After approaching a New Delhi dental clinic called DentzzDental to have six porcelain veneers replaced, Chastise was eventually conned into getting crowns—a more invasive procedure—and root canal surgeries on all six teeth. Only when she visited her usual dentist back in the UK did she learn she’d been conned.
“My dentist was outraged,” Chastise told Hardnews. “Root canals are to save decaying or infected teeth from being extracted. I was wrongly advised to have root canals performed on perfectly healthy teeth, thereby compromising my health for financial gain.”
On further research, Chastise discovered that there were several other patients who, like her, had had unnecessary treatment and, worse still, were helpless to do anything about it. She also discovered that the clinic, although its website displayed the American Academy of Cosmetic Dentistry (AACD) logo and testimonials from various Bollywood stars, was not accredited.
“It was a sham,” Chastise says. “I called and wrote to the Dental Council of India numerous times, but did not receive any response. I should have known better but in the UK this could not happen. The dentists and the clinic would have their licences revoked if it did.”
Due to an absence of regulation in India, medical tourism remains a gamble, with patients signing away their right to legal recourse in exchange for the lower cost of treatment.
In fact, a disclaimer on the site of a medical tourism hospital puts the industry into context. “A prospective medical tourist should also be aware of possible legal issues. There is presently no international legal regulation of medical tourism. All medical procedures have an element of risk. The issue of legal recourse for unsatisfactory treatment across international boundaries is a legally undefined issue at present,” it reads.
If a patient from the US, for instance, were to bring an action against her overseas provider, she would need to convince the court where she was filing the suit that it had personal jurisdiction over the nonresident defendant. This, in turn, would prove problematic as courts are generally reluctant to assert jurisdiction over physicians who neither reside nor practise in the state where the court sits (i.e. the forum state).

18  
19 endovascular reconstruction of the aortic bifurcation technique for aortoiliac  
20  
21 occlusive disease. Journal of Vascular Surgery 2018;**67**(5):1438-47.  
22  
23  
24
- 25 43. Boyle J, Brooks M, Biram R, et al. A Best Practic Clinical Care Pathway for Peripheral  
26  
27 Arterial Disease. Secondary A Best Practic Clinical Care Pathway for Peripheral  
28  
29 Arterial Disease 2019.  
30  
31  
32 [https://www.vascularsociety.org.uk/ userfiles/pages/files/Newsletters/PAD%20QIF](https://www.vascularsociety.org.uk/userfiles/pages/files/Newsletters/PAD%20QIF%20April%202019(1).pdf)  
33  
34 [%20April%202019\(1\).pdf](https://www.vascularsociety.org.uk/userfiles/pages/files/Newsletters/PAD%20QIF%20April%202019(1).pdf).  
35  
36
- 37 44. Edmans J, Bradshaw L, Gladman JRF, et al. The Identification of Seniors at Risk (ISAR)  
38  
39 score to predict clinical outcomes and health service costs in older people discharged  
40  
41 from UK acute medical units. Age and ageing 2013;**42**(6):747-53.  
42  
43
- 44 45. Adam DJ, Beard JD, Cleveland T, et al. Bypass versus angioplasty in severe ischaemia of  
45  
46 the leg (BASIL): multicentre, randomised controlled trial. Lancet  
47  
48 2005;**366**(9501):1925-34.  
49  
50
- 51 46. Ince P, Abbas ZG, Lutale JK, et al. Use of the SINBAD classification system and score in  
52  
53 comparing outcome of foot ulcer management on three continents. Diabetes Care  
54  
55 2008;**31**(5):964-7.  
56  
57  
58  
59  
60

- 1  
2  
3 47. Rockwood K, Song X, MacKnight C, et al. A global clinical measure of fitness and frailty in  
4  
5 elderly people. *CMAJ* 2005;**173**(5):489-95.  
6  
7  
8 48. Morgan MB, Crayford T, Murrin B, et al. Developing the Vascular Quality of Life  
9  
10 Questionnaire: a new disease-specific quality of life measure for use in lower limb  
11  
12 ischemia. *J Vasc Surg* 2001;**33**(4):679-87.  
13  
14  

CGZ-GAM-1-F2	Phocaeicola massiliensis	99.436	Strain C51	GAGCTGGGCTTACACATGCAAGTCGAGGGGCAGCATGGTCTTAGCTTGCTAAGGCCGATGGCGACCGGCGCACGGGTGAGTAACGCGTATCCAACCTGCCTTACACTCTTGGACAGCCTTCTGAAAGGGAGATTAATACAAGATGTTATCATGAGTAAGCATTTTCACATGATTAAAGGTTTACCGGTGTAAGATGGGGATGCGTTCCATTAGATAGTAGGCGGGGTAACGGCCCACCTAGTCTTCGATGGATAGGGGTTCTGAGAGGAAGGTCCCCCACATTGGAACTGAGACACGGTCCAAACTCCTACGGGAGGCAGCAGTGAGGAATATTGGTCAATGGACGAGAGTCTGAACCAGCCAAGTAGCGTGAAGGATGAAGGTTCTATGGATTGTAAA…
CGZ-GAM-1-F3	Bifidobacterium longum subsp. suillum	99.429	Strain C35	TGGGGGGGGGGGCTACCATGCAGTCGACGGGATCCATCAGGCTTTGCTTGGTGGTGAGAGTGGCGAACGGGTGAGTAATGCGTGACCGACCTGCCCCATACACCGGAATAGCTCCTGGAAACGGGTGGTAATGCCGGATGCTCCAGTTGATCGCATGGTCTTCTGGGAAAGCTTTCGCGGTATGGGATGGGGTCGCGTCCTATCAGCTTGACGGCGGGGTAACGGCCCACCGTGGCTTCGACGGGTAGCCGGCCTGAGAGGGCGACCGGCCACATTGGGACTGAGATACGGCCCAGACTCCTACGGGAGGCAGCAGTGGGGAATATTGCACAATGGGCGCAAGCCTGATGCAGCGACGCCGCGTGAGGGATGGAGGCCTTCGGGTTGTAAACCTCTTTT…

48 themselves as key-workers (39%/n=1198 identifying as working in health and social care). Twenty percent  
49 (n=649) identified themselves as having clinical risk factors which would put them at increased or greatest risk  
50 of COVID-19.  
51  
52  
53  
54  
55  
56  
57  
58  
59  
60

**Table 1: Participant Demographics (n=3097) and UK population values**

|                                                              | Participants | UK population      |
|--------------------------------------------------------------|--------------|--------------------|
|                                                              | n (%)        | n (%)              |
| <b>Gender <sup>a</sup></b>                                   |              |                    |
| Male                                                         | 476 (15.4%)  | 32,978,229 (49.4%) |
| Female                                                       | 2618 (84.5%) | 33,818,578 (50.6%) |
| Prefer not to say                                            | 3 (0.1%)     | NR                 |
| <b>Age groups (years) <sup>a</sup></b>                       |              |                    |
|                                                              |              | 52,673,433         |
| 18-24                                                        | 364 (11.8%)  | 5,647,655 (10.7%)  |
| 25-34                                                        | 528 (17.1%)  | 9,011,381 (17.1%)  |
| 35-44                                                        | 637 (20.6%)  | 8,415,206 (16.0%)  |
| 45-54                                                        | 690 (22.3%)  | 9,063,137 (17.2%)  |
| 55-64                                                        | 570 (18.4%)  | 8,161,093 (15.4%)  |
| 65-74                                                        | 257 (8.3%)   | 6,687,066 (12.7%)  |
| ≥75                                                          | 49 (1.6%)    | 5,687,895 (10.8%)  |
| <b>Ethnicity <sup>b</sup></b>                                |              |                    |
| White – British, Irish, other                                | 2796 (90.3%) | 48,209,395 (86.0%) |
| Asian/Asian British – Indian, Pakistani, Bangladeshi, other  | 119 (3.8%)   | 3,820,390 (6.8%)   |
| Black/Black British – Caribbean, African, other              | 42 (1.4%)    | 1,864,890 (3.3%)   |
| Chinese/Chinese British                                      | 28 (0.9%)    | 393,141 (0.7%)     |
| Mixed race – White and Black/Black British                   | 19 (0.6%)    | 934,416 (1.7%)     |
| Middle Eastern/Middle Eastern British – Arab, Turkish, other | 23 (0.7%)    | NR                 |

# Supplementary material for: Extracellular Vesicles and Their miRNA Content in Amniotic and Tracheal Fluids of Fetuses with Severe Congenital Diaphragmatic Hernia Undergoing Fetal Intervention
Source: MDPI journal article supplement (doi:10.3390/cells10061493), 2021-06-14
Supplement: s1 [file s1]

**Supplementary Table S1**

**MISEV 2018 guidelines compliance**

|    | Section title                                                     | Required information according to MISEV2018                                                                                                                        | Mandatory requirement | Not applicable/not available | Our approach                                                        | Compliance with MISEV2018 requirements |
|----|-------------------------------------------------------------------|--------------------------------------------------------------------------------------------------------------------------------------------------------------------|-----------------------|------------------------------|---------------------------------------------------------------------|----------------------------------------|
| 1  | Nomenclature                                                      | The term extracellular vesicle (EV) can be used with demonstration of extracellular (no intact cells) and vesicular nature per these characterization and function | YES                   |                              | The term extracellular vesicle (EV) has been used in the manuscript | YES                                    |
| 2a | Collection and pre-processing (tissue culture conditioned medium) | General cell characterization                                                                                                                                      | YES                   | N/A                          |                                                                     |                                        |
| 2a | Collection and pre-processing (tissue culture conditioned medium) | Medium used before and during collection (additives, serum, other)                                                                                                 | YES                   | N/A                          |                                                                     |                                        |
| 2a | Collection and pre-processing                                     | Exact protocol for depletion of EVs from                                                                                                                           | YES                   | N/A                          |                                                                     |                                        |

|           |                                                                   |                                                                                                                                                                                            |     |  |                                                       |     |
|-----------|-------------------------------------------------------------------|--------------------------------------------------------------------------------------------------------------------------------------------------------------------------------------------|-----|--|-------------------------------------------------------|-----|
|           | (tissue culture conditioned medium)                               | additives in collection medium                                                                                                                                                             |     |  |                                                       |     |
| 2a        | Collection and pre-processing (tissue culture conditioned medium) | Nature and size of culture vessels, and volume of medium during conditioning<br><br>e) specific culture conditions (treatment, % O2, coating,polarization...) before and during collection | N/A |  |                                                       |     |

Dr Arun Gadre, a gynaecologist-turned-health activist and author, told Hardnews that the biggest contributor to malpractice in India is the medical profession’s failure to self-regulate.
“There is no truly effective Act to regulate the private healthcare sector in India,” Gadre said. “Private doctors generally are resistant to any regulation.”
Health is a state subject, so each state has to adapt the central Act or enact its own Act. But, while the Central Clinical Establishment Act (CEA) passed in 2010 offers some useful guidelines, medical associations and doctors alike worry that, rather than improving standards, it may empower corrupt officials to harass doctors.
As an alternative, the government should take note of suggestions like those of Jan Arogya Abhiyan, a Maharashtra-based network of activists and health experts, says Gadre. They developed a modified version of the CEA with measures to check bureaucratic harassment, such as a district-level redressal committee comprising doctors’ and people’s representatives.
At the same time, though poverty and lack of education are “multipliers of malpractice,” Gadre points out, the glacial pace of India’s grievance redressal system means that even the wealthiest and best-educated patients are helpless.
Together, rampant medical malpractices and the lack of viable legal recourse leave Indian nationals and medical tourists equally vulnerable—and put all the accomplishments of India’s healthcare industry in jeopardy.